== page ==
News, happenings and goings on from the Old Fire Station, Oxford
Victorian Cambridge: at the first women’s college, a group of brilliant young women are fighting for the right to an equal education, and for the chance to determine their own futures.
Jessica Swale’s feminist take on academia, Blue Stockings, will be performed by ElevenOne Theatre Co. at the Old Fire Station, 22-26 September. We tracked down director Cate Nunn to ask her a few questions about the production:
This is ElevenOne’s third show at the Old Fire Station. Can you tell us a bit more about the company?
ElevenOne’s got a lovely founding story, actually – it was a gift from one of the co-owners, Mike Taylor, to his wife Helen as her 40th birthday present, which is a pretty great gift! Their first show was at the Old Fire Station in 2009 (Noel Coward’s Private Lives), and since then they’ve been carving out a fantastic niche for themselves in the local theatre scene, putting on interesting and stimulating plays – everything from a two-hander about Virginia Woolf and Vita Sackville-West (Vita and Virginia, 2012) to frothy comedies by PG Wodehouse (The Play’s The Thing, 2011) to last year’s season of plays about great people in science, including Copenhagen and the European premiere of a wonderful play called Émilie: La Marquise du Châtelet Defends Her Life Tonight. It’s a company I always love being involved with, and as soon as I read Blue Stockings I knew I had to pitch it to them!
Blue Stockings is ElevenOne’s ninth show – and they’re already planning show number 10: The 39 Steps, being staged in December.
What drew you to Blue Stockings?
I stumbled on Blue Stockings quite by accident to be honest – I’d been reading Jessica Swale’s adaptation of Sense and Sensibility, and I loved it so much I thought I’d have a look to see if she’d done anything else. As soon as I picked it up, it grabbed me. I love Jessica Swale’s writing – she’s witty and fast-paced, there’s never a wasted moment on the stage, but at the same time she draws you in instantly into these vibrant characters who just jump off the page at you.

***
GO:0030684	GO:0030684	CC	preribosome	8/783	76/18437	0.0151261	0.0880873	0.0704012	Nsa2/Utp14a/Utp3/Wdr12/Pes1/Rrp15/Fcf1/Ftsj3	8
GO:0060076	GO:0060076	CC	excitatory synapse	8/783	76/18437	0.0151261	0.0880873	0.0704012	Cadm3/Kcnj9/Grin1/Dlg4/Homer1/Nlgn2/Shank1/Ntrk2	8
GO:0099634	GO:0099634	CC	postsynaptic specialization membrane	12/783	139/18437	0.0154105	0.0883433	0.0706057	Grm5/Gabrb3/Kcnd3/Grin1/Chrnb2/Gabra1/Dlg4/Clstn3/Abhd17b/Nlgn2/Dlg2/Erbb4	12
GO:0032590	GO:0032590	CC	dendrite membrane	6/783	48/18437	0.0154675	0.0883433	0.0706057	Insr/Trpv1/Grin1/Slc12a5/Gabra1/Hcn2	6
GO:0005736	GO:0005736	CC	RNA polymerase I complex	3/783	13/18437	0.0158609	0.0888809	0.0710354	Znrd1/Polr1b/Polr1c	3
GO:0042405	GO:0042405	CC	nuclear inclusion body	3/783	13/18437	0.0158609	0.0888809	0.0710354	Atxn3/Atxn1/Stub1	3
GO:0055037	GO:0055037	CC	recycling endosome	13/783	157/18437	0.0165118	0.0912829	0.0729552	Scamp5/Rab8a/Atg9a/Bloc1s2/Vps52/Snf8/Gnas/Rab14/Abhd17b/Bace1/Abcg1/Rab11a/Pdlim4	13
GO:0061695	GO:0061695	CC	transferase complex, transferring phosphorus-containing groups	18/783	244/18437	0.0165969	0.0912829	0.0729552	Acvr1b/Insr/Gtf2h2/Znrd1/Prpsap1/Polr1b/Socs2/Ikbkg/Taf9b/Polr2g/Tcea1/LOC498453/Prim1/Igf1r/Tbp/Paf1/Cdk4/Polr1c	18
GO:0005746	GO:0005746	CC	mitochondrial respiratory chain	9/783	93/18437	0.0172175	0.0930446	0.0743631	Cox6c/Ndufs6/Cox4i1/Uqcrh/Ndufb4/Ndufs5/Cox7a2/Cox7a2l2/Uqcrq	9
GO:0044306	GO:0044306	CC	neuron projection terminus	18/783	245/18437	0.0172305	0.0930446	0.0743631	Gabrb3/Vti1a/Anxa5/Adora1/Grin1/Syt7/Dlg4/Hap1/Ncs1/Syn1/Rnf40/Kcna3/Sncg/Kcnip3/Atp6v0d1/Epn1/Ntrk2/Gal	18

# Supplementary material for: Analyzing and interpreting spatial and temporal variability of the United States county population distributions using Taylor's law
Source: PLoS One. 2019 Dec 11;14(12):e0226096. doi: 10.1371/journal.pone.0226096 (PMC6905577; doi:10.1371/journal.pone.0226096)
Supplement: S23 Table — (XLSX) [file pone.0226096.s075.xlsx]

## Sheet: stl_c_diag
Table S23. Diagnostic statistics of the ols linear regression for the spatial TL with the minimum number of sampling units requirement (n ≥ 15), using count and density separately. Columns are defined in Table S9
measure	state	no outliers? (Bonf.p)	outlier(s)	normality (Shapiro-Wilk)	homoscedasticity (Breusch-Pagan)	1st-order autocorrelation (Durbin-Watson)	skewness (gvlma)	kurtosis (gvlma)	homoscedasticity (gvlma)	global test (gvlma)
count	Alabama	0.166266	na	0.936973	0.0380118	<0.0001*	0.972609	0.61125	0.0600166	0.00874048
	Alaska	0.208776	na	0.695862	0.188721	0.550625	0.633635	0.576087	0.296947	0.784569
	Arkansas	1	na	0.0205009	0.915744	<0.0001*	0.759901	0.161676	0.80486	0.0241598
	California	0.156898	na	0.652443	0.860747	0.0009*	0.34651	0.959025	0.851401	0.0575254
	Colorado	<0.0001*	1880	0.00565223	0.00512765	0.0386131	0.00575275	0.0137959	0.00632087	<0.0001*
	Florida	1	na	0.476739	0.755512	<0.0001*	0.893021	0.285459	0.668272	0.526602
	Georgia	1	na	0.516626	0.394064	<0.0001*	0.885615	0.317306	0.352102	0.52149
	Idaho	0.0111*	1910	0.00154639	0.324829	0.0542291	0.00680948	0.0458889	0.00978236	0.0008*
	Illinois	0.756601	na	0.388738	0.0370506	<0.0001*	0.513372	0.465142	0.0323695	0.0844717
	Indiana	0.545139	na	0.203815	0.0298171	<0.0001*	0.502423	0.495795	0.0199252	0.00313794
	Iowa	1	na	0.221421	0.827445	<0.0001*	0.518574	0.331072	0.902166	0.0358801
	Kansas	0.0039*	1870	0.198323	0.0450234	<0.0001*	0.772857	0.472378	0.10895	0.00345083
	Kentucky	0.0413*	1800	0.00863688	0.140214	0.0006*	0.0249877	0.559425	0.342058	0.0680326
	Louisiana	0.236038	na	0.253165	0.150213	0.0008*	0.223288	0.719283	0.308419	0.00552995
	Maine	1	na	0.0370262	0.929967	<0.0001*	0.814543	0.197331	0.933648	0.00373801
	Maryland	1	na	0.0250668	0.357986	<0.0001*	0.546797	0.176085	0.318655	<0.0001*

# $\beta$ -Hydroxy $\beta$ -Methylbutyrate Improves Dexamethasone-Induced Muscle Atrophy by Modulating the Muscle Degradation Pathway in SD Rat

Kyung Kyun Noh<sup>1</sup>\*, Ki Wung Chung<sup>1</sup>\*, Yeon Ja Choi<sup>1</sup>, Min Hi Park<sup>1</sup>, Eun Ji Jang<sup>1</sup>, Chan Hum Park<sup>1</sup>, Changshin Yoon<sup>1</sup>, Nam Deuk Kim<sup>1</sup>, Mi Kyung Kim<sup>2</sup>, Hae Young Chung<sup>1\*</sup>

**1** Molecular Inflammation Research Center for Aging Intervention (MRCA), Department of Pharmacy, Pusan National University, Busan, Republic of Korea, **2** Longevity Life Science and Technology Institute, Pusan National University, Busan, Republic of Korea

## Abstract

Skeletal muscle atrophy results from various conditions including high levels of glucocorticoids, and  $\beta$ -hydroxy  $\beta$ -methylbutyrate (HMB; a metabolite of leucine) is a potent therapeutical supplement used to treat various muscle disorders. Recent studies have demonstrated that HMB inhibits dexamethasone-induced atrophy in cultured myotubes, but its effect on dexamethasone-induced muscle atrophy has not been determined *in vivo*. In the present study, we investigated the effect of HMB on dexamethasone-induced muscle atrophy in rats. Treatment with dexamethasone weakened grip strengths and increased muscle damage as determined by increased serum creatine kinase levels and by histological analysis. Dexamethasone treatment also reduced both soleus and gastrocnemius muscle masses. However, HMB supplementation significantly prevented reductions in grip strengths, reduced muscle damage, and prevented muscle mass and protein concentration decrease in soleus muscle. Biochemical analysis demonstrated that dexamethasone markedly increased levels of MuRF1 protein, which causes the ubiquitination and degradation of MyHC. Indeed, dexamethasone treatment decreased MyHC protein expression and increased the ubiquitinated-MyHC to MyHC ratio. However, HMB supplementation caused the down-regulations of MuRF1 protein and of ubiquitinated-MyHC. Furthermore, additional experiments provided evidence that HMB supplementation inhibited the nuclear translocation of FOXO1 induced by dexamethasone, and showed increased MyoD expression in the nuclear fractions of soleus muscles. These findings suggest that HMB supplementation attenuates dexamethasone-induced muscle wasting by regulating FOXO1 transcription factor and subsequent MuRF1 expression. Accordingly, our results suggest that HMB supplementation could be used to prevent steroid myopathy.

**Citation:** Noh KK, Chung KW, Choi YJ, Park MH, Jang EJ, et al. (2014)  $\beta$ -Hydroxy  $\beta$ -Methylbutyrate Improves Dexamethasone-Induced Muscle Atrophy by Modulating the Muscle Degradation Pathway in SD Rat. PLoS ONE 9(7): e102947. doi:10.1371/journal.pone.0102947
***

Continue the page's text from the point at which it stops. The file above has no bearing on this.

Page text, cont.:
The play has everything you could want, really: it’s got romance, friendship, comedy, heartbreak, moments of high-drama, even a punch-up and someone riding a bike round the stage. Not to mention the can-can!
But it’s the characters who really make it. After I read it for the first time, I walked round seething for days about the injustice the first women students at our universities had been subjected to – being allowed in but then denied recognition or qualifications at the end of it. I wanted to march into an alumni office and demand to know why this had been allowed to happen – decades after it was all put right! That was when I realised how much she’d made me care about all these characters – and that’s the sign of a great play for me.
What have been the highs and lows of the rehearsal process so far?
Would you believe me if I said there hadn’t been any lows?! There really haven’t, though. It’s been a fantastically enjoyable rehearsal process – my cast are so talented that they make working on the show positively easy. They’ve handled everything I’ve thrown at them with ease, and everyone’s so positive and engaged with the show that the rehearsals just whizz by. It’s hard to pick out a specific high point from all of that! We had some fantastic sessions on character early in the process: everyone was so thoughtful and had so many insights to bring, which you could then see sparking off ideas in the other people in the room as well, so we had this great collaborative atmosphere going – really building the show together. But then I love the later bits of the process as well, where everyone’s starting to feel confident with the scenes and there’s all that wonderful energy as the play starts to lift off and come to life… And then there are the rehearsals where we all get the giggles over some daft thing and have to take a break just to stop bursting out laughing. It’s really a lot of fun, this show!